When you’re looking at CRM pricing, which is generally stated on a person per month basis, it’s easy to underestimate the long-term cost of a system. £70 per user per month might not sound that much, but over the life of the system it’s going to add up – £420,000 for a fifty-user system over 10 years to be precise. Hardly a trifling sum for the average customer.
So how do you keep CRM software costs under control? Here are ten ways that may allow you to radically reduce your software bill:
Buy software that’s appropriate to your needs – it’s easy to rush out and buy product X because someone else you know happens to be using it, but if your needs are pretty basic there’s no need to spend a fortune on capabilities you’re not going to use. Start out by documenting a detailed set of business and functional requirements for your system and use this as the basis for selecting the most appropriate technology for your needs. There are a lot of CRM technology options out there, and you may find you don’t need to the most expensive ones to achieve your objectives.
Make sure you understand what you’re signing up to – The headline ‘per user per month’ figure isn’t the only cost you may end up paying. A lot of CRM vendors have a range of ‘hidden’ costs, for example additional data storage charges if you go above certain thresholds. Make sure you understand what the potential additional costs are and whether you’re likely to incur them before you sign up.
Negotiate! – CRM software pricing isn’t quite as set in stone as it may seem, even for cloud-based solutions. Don’t be afraid to negotiate. It’s quite possible to very significantly reduce subscription costs just by being prepared to haggle.
Are you due a discount? – Many vendors offer preferential rates for certain categories of customer, for example, charities, not for profits, government, and educational institutes, so it’s worth checking what potential discounts might be available.
Don’t sign up until you need to – You’re going to spend a certain amount of time implementing the system, and during this time no one’s going to be using the system, so don’t sign up until you’re ready to go live.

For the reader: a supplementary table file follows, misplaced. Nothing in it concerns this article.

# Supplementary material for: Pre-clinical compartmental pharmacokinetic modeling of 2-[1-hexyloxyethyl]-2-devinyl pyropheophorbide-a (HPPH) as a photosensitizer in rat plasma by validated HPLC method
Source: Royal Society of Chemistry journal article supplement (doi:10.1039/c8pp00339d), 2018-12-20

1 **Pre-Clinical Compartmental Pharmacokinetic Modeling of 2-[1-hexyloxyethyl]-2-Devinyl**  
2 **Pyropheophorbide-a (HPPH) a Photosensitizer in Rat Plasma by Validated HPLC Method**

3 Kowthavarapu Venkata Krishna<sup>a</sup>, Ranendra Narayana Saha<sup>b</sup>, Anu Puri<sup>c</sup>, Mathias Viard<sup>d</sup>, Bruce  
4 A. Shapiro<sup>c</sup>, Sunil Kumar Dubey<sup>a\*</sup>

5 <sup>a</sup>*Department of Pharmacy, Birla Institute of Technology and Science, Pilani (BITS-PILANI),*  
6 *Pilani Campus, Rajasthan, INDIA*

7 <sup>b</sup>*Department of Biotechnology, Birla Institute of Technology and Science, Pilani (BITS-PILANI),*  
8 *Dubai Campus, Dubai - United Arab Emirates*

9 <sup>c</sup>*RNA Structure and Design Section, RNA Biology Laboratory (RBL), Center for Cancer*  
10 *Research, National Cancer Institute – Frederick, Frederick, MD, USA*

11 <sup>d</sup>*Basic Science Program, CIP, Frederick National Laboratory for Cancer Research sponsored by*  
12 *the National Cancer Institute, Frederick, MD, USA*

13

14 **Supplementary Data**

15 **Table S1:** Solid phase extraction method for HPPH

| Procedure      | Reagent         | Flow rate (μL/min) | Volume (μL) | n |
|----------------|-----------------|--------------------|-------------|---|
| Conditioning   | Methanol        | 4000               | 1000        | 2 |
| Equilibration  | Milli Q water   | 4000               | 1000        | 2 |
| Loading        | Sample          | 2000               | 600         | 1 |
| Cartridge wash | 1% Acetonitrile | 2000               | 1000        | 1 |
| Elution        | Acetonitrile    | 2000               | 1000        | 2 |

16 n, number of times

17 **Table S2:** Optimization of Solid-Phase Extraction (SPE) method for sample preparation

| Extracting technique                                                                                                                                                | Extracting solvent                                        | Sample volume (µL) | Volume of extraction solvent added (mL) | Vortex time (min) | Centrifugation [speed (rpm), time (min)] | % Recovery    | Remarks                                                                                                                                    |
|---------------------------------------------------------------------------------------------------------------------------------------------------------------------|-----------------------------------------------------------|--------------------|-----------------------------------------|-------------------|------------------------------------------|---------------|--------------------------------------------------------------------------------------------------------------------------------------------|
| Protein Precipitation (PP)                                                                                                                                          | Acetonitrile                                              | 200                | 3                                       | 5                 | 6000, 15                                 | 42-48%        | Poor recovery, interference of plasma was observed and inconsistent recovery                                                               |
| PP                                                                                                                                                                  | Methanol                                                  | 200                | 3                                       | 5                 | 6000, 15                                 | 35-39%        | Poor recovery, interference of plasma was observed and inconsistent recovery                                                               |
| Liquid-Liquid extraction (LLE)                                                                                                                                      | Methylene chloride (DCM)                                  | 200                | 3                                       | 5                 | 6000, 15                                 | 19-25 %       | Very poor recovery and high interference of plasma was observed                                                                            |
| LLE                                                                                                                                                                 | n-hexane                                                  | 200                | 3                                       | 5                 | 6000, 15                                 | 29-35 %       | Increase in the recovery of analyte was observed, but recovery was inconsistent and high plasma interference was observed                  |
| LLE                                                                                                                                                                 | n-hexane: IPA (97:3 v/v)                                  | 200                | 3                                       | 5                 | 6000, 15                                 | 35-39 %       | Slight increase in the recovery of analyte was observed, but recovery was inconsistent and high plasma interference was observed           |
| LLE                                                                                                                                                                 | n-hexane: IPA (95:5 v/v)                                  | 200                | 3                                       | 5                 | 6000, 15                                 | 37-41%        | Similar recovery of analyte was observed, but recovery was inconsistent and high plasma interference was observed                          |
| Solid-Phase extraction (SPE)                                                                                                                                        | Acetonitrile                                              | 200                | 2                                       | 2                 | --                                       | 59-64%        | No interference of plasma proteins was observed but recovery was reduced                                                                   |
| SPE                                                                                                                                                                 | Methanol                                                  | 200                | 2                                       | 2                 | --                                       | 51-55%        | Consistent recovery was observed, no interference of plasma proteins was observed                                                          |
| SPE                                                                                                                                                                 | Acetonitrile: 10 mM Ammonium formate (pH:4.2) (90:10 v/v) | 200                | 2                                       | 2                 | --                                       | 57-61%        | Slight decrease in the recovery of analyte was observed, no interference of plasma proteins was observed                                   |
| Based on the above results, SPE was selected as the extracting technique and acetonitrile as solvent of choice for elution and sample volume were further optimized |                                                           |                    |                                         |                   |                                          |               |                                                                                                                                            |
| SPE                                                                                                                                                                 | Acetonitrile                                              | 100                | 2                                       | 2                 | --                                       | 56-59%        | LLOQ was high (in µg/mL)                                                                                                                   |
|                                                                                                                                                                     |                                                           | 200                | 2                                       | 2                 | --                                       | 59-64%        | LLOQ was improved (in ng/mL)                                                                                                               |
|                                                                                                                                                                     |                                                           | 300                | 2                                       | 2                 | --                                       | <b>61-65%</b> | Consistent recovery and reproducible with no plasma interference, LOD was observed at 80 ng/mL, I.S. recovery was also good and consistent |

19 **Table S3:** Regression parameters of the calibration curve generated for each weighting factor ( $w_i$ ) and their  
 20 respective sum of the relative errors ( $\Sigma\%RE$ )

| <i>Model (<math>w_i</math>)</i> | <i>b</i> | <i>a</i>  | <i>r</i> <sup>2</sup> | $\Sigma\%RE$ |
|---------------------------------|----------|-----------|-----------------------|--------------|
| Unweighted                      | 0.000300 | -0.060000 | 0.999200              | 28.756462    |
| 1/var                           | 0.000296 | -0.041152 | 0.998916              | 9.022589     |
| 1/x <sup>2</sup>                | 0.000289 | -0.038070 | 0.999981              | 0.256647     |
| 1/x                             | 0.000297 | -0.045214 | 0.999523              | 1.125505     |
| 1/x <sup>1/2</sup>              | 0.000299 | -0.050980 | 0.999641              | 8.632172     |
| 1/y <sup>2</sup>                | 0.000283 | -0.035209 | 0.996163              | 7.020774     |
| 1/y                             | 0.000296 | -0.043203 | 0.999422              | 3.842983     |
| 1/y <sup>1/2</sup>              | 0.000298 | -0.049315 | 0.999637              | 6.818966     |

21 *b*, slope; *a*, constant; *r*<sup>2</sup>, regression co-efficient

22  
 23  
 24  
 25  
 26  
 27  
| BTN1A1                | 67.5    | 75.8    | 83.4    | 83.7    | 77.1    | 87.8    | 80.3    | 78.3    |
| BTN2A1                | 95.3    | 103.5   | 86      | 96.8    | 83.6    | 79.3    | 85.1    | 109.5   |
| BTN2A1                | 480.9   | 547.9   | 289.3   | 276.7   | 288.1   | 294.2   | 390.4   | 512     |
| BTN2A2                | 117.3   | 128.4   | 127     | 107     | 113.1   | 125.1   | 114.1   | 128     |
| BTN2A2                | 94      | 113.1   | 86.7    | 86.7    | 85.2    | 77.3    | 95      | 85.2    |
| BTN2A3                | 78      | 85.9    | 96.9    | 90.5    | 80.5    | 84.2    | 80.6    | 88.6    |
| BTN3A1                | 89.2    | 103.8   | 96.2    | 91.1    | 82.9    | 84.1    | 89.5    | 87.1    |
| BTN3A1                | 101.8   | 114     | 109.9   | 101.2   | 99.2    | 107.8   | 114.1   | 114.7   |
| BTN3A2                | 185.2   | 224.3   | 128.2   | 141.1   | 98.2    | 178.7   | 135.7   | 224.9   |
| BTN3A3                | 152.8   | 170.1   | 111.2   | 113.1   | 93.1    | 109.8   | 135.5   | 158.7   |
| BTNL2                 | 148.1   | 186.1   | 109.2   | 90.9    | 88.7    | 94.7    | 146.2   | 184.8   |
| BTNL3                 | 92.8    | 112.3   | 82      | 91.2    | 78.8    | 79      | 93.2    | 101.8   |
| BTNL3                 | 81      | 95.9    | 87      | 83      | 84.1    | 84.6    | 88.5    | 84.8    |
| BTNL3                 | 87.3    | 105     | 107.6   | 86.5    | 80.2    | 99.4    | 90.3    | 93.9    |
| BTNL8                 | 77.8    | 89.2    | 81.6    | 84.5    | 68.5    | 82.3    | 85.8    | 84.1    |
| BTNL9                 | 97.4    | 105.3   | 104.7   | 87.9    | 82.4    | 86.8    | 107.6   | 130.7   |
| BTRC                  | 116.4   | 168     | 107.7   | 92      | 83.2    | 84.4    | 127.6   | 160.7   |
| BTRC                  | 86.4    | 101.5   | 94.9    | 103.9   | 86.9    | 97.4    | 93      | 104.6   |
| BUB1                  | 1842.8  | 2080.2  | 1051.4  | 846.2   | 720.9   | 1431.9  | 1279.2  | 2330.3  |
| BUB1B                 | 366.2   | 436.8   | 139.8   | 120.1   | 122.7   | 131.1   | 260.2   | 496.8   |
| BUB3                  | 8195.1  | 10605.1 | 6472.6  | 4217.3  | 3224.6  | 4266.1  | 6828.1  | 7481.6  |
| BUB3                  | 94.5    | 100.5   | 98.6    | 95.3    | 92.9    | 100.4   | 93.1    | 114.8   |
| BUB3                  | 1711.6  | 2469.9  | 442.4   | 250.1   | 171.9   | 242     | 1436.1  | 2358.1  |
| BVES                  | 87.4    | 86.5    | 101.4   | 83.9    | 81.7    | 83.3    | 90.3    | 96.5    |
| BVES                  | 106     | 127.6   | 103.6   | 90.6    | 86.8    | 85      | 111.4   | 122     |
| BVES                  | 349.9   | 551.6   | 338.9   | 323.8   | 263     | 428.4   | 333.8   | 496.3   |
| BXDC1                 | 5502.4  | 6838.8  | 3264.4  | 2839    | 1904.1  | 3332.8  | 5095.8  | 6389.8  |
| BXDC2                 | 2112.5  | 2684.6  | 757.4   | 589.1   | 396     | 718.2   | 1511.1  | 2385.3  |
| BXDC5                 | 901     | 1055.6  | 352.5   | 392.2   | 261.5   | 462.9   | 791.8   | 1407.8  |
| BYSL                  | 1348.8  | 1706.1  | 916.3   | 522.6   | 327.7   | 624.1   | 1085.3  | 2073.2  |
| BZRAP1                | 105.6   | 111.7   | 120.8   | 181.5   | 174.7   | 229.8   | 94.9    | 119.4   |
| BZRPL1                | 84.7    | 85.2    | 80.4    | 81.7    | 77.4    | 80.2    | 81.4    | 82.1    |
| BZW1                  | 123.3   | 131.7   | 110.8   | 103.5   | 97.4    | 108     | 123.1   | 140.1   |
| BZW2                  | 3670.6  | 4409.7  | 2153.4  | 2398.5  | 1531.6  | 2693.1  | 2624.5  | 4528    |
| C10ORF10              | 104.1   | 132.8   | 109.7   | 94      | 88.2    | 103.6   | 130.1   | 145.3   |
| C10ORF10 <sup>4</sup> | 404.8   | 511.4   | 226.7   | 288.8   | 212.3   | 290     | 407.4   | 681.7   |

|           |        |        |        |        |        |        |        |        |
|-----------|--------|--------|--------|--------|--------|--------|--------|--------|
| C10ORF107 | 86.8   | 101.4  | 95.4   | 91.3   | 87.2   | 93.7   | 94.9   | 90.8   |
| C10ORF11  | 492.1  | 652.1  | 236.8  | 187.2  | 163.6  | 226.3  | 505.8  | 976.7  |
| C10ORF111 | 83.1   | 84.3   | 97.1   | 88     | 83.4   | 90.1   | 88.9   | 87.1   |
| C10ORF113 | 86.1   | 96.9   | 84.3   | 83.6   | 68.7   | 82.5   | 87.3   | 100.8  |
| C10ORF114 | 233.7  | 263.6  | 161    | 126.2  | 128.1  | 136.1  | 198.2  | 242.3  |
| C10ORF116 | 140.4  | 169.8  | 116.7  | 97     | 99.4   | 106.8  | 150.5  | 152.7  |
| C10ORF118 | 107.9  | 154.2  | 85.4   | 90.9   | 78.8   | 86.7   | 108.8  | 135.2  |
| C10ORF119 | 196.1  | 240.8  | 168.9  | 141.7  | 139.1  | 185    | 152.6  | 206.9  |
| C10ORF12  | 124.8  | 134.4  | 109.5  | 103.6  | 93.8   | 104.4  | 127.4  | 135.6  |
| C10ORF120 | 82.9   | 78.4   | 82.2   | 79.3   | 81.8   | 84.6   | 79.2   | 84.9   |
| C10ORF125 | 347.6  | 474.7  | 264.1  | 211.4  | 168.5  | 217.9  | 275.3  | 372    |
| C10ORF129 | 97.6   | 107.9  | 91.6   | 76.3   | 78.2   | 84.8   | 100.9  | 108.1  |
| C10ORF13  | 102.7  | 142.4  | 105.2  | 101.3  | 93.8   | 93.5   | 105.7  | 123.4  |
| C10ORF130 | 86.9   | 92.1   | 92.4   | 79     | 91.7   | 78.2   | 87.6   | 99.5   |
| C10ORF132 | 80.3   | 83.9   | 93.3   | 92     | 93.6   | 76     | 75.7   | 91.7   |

Does everyone need to be on the system? – One of the traps I see people falling into is taking out subscriptions for too many people. There’s a tendency to be over-optimistic about who will end up using the system. It’s generally better to buy for the core users and add users as needed, than take out a licence for a hundred users and later find only twenty are using it.
Review, review, review – Review usage patterns regularly. Quarterly is a good basis. This will highlight people who aren’t using the system and allow you to cut back on system users if need be. It may be that usage proves to be so limited that it’s worth considering ending a subscription entirely, and perhaps moving users to a cheaper platform.
Monitor edition and licensing changes – Most cloud-based CRM software is available in a number of ‘editions’ such as standard, professional and enterprise. The functionality and cost of these editions tends to change over time, so it’s worth keeping a careful eye to see if there are opportunities to downgrade edition in order to reduce costs.
Keep an eye on third party apps – With the success of app marketplace’s such as Salesforce.com’s AppExchange it’s easy to purchase add-on applications for your CRM system, which makes it important to also keep an eye on their usage, cost and licensing, particularly as some may become redundant as the core CRM application develops over time.
Can CRM replace other systems? – The functional breadth and flexibility of many of the current generation of CRM systems means that the technology can be adapted to meet a wide range of needs. You may find there are existing systems that could be replaced by extending your current CRM system, allowing you to reduce overall IT costs.
By using the approaches described above, I believe the average user could lower their CRM software costs by over 30% a year, without impacting the value derived from the system. Using our 50 users over 10 years example from earlier, that’s a saving of at least £126,000. Not a bad return on a pretty modest investment of time!